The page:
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It must first be reiterated that with extraordinary few exceptions no educated person in the history of Western Civilization from the third century B.C. onward believed that the earth was flat. A round earth appears at least as early as the sixth century BC with Pythagoras, who was followed by Aristotle, Euclid, and Aristarchus, among others in observing that the earth was a sphere. Although there were a few dissenters--Leukippos and Demokritos for example--by the time of Eratosthenes (3 c. BC), followed by Crates(2 c. BC), Strabo (3 c. BC), and Ptolemy (first c. AD), the sphericity of the earth was accepted by all educated Greeks and Romans.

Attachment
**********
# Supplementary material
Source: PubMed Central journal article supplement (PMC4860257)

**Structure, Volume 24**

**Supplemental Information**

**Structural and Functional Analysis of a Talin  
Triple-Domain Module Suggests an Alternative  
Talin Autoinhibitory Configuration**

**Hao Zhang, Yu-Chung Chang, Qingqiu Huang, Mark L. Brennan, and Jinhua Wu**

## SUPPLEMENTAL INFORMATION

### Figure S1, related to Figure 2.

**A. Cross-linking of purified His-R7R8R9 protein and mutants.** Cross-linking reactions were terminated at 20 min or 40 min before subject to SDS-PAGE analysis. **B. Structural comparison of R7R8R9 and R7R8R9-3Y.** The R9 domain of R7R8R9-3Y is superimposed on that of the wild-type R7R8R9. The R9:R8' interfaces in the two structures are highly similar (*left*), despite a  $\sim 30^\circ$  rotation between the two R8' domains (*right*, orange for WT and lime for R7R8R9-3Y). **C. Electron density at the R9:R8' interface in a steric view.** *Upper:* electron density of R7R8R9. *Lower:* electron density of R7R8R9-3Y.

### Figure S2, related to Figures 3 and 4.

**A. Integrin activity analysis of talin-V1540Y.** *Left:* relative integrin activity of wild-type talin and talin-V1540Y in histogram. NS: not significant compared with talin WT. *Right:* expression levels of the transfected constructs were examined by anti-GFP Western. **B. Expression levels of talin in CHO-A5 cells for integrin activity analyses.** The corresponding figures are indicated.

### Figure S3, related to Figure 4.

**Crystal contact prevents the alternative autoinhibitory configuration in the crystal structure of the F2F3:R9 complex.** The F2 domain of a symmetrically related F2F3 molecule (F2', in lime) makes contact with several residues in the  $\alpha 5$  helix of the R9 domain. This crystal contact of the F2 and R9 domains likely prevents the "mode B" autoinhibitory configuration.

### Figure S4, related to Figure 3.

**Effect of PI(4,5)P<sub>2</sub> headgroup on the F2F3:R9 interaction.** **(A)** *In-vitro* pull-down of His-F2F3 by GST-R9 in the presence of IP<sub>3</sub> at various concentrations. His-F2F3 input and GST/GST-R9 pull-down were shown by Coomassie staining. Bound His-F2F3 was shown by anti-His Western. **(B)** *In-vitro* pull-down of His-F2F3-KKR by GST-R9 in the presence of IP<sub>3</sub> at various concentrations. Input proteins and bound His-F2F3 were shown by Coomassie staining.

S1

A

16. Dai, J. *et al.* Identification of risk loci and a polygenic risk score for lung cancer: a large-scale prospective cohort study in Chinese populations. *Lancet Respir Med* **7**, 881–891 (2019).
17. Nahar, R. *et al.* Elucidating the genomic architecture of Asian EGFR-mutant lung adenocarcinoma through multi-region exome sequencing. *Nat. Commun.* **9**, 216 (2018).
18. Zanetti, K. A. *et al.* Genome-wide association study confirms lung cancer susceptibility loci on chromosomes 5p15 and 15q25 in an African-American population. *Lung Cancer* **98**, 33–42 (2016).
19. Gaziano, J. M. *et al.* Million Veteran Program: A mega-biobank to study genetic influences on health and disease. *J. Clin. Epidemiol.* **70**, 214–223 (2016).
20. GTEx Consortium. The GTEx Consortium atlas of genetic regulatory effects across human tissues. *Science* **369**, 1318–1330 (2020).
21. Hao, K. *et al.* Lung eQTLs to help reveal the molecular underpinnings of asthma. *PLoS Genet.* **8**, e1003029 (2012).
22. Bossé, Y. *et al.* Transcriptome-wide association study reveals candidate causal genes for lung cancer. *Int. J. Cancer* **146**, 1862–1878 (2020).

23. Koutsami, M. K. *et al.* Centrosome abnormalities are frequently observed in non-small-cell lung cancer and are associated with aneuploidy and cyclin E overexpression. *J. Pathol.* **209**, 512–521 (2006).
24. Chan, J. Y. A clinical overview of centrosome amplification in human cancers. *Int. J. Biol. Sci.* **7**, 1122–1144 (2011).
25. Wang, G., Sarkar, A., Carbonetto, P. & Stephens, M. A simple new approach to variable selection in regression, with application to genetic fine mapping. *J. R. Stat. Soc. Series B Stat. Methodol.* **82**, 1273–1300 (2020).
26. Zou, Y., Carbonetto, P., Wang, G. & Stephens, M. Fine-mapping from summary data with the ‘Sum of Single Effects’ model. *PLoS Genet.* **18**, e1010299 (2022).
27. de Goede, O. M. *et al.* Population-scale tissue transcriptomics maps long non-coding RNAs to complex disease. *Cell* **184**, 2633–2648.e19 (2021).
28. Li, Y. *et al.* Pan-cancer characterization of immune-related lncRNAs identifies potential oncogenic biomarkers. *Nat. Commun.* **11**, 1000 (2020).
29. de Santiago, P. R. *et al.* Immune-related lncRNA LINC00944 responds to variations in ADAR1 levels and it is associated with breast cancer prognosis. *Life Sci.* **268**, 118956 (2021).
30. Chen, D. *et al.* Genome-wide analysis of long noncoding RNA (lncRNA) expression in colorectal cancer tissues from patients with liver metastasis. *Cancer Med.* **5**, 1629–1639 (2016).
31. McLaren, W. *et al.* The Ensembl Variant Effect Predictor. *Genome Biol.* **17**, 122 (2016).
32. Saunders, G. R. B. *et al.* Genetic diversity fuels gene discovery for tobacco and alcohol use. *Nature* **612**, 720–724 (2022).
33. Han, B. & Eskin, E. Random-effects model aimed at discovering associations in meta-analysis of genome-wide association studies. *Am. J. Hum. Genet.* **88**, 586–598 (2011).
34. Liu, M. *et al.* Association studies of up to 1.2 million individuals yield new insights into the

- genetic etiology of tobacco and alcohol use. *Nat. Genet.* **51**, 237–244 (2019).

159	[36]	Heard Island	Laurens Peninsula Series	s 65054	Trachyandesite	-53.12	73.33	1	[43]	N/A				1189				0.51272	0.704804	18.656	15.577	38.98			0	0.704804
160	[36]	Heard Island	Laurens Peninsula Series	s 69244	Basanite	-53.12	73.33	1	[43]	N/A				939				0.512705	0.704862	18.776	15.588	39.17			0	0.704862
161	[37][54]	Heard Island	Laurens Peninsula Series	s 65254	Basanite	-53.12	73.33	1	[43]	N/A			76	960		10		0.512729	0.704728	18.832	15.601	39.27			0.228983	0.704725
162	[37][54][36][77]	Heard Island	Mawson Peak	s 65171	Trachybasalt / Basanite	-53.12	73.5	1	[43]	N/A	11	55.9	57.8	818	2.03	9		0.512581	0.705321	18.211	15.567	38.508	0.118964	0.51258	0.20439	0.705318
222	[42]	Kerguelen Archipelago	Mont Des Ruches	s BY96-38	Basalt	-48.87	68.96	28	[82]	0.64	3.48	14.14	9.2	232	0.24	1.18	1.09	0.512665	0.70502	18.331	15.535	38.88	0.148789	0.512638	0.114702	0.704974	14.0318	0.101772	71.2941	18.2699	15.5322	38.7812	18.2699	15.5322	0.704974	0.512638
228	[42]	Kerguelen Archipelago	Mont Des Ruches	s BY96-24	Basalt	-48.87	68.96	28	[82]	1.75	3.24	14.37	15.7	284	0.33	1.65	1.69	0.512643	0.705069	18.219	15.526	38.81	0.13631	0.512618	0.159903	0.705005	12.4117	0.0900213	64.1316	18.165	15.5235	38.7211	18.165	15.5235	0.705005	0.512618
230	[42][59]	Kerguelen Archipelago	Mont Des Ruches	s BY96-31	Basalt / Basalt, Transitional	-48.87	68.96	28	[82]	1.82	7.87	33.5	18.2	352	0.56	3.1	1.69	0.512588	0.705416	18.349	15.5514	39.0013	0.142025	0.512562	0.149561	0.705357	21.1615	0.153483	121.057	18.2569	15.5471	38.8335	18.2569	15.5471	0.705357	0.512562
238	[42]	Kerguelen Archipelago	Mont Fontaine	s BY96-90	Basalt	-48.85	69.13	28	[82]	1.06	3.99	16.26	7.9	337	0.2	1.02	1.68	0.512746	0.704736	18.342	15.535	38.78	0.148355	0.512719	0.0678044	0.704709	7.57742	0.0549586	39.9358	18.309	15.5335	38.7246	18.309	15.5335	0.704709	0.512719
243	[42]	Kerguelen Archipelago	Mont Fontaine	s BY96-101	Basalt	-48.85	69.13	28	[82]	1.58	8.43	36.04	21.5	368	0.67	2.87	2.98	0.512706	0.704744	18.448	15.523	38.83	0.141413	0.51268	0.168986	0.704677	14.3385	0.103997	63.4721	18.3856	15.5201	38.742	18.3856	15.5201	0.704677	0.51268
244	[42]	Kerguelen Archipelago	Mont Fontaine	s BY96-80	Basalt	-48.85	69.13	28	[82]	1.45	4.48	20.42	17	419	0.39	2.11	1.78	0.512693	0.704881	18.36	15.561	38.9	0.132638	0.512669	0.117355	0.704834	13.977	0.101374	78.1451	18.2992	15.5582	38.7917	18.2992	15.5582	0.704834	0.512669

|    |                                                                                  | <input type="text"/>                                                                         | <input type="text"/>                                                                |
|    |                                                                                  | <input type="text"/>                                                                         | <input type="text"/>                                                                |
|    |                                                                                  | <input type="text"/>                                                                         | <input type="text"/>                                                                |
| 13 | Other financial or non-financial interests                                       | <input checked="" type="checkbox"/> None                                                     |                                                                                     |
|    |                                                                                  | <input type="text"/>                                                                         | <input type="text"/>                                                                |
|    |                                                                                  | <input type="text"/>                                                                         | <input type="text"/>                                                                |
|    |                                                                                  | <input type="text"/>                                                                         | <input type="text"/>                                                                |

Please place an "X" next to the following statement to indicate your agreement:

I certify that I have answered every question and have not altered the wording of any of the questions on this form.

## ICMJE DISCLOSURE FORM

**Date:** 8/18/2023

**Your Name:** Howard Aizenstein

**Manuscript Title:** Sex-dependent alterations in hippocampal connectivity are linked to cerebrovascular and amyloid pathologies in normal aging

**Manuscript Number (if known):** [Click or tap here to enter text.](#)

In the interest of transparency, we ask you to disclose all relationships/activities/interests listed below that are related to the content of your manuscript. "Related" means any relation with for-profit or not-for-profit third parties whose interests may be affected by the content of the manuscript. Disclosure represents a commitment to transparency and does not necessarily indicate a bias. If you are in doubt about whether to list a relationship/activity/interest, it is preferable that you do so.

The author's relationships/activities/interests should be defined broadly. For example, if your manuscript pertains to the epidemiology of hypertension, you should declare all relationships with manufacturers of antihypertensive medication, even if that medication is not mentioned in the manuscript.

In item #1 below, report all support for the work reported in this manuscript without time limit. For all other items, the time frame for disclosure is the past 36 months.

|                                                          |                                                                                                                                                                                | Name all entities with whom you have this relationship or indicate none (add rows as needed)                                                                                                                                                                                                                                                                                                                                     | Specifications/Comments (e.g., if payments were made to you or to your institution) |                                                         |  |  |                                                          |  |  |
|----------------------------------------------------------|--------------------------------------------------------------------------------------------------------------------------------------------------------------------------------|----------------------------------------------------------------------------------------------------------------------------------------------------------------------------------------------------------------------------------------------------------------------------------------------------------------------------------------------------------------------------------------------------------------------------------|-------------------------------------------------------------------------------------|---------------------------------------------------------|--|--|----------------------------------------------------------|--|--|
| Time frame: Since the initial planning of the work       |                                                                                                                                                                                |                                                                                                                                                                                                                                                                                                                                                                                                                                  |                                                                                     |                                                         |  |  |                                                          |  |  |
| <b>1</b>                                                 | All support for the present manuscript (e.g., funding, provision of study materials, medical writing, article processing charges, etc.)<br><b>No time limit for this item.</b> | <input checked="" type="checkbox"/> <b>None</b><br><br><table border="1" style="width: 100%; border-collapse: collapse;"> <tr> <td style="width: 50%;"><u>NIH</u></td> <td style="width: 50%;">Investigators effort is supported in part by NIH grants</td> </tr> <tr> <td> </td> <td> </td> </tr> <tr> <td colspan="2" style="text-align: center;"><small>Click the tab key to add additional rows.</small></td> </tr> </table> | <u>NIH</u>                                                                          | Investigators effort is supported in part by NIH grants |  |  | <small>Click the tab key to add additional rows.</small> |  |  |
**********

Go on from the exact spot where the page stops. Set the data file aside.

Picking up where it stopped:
and it reminded me of these old exchanges including a desinformation answer
about the non existence of the "flat earth" believers of the past. . .
However, two scholars, Arthur Beer, an astrophysicist and historian of German science at Cambridge, and Bruno Weber, the curator of rare books at the Zürich central library, have independently traced the illustration back to Camille Flammarion’s popular science book L’atmosphère: météorologie populaire from 1888.
An inaccurate, late 19th century, assessment of the midieval world view. As the quote I provided says, the vast majority of educated people have known for a very long time that the world is round.
Second, the illustration is famous on account of its rich symbolism which is taken to represent the mediaeval world-view.